Zinnia Customisations Part II

In the first part of this series, we looked at how to create an app that will hold the customisations we want done to zinnia (customised pages for adding and editing blog posts).  Now, it’s time to wrap this app and tie the app into the rest of the site’s structure and enable users to start using the new logic.

To kick things off, you need two template files copied into your root templates folder (For my test project, I’ve also added the zinnia-theme-bootstrap helper theme to bootstrap the template files):

  • base.html : zinnia’s base template
  • entry_detail_base.html : renders blog post info

Note that if you do end up using the extra Bootstrap 3 theme, your extend statements will be a bit different, as well as the overall HTML markup, but the gist of the changes remains the same.  For example the default base.html template is:

{% extends "zinnia/skeleton.html" %}

But after adding the theme, is becomes:

{% extends "zinnia:zinnia/base.html" %}

Note the app namespace template loader syntax used in the extend statement.  This helper app is installed along with zinnia-theme-bootstrap and it enables you to both extend and override a template at the same time.  So essentially what that one line does is extend the default base.html template in zinnia’s template directory, and further override a specific block within that template, in this case the sidebar. Pretty cool stuff.  It’s an improvement over Django’s default template loaders that require you to copy the entire template you want to override, even if you only want to override one small block, and allows you to extend and override a specific block in the extended template.

So you’ll now want to start updating the templates you copied over into your project’s root template folder, starting with base.html.  Look for this line somewhere towards the end of the HTML markup:
<a href="{% url 'admin:zinnia_entry_add' %}" title="{% trans "Post an entry" %}">

Change it to:

<a href="{% url 'custom_add_blog_post' %}" title="{% trans "Post an entry" %}">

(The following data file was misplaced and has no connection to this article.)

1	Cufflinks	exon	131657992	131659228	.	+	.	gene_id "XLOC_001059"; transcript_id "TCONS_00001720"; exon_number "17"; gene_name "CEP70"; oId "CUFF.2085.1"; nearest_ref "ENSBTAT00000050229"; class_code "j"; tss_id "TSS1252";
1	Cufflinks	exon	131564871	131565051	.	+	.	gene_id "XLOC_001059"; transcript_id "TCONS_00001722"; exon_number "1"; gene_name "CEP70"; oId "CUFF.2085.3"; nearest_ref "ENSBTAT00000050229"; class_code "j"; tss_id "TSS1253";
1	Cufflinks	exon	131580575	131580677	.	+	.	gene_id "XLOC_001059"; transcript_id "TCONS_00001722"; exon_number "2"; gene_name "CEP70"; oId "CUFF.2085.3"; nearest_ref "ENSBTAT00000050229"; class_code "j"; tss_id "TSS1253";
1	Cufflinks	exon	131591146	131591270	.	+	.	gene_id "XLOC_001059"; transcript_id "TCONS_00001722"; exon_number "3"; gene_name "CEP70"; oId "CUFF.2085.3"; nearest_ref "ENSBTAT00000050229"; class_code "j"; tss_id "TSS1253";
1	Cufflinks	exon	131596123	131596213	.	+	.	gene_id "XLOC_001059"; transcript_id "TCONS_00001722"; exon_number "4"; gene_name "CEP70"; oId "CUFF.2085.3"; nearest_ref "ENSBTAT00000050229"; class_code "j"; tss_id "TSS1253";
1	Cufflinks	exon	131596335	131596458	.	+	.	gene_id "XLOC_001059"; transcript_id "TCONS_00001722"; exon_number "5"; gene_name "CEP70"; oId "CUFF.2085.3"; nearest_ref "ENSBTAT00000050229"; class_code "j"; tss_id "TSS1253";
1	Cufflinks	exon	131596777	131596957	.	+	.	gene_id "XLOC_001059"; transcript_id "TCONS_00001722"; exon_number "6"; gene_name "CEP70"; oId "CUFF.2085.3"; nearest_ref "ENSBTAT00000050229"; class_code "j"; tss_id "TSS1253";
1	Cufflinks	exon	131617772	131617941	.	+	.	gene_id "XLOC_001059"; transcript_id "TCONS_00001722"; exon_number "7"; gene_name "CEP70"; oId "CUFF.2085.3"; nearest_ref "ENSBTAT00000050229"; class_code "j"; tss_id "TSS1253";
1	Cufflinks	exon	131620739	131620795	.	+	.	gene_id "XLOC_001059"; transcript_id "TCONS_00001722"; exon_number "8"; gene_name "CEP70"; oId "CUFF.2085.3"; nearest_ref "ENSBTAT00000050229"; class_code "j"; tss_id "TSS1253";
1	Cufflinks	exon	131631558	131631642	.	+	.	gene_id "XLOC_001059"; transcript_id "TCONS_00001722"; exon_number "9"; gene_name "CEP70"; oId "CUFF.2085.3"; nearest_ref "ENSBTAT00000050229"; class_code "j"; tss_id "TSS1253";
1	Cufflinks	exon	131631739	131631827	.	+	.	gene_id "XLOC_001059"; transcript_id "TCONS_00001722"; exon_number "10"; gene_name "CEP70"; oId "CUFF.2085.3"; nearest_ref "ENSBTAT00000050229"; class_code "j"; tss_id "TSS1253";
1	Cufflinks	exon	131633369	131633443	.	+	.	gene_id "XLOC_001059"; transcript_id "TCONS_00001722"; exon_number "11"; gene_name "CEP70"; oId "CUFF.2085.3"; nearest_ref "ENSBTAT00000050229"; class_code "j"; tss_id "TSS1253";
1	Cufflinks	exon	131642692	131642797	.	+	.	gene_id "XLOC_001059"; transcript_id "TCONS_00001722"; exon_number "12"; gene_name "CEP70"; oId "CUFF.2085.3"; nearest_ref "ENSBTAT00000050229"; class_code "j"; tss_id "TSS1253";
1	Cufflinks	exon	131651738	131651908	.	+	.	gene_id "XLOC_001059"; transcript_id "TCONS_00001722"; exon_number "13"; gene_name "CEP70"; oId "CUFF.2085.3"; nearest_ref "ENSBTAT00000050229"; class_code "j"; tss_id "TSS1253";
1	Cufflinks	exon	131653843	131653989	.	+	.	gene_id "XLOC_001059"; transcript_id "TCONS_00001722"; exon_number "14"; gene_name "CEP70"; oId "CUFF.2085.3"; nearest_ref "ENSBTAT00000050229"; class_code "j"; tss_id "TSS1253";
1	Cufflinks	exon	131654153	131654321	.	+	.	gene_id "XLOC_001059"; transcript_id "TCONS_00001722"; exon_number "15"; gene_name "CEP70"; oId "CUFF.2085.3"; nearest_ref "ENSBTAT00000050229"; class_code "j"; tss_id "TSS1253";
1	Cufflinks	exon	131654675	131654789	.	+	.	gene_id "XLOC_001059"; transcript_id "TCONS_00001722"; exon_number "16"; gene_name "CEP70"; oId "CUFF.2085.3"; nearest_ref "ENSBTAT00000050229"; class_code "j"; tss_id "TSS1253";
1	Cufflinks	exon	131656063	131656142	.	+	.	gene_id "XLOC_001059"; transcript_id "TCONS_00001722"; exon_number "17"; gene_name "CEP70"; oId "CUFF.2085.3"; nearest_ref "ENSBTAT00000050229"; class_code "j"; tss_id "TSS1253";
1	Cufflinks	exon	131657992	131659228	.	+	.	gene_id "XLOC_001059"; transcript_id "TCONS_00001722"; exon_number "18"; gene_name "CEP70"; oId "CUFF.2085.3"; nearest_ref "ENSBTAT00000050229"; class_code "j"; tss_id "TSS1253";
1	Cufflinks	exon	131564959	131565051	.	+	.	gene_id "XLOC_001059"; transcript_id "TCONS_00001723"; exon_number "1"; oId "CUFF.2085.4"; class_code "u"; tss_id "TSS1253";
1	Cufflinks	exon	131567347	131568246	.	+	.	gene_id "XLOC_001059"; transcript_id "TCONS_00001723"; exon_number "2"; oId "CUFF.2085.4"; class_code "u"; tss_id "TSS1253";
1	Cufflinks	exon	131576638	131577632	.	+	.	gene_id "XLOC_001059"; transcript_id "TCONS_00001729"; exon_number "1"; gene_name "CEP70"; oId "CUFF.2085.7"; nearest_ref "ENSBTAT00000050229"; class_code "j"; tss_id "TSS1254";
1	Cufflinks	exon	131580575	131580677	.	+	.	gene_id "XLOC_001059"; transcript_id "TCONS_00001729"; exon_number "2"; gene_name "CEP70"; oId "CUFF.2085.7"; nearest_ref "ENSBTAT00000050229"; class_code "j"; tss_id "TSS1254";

Then let’s move on to entry_detail_base.html.  Here, you’ll want to look for this line:

<a href="{% url 'admin:zinnia_entry_change' object.pk %}" title="{% trans "Edit the entry" %}">

Change it to:

<a href="{% url 'custom_edit_blog_post' object.pk %}" title="{% trans "Edit the entry" %}">

And finally, two last steps.  First your URL conf entries by add this in a non-conflicting location:

(r'^summernote/', include('django_summernote.urls')),
url(r'^', include('customisations.urls')),

Also, you’ll need to update settings.py:

First, add your new apps into INSTALLED_APPS:

  1. ‘chosen’,
  2. ‘django_summernote’,
  3. ‘customisations’,

And lastly, some settings needed by django-summernote (full reference here):

SUMMERNOTE_CONFIG = {
# Using SummernoteWidget - iframe mode
# or set False to use SummernoteInplaceWidget - no iframe mode
'iframe': True, 

# Change editor size
'width': '100%',

# Set editor language/locale
'lang': 'en-US',
}

And that wraps up things.  Hope this helps you.  There are plenty of customisations you can do…this is just one of the many.  The only limitation is your creativity with extending the core code I guess.

Advertisements

Leave a Reply

Fill in your details below or click an icon to log in:

WordPress.com Logo

You are commenting using your WordPress.com account. Log Out /  Change )

Google photo

You are commenting using your Google account. Log Out /  Change )

Twitter picture

You are commenting using your Twitter account. Log Out /  Change )

Facebook photo

You are commenting using your Facebook account. Log Out /  Change )

Connecting to %s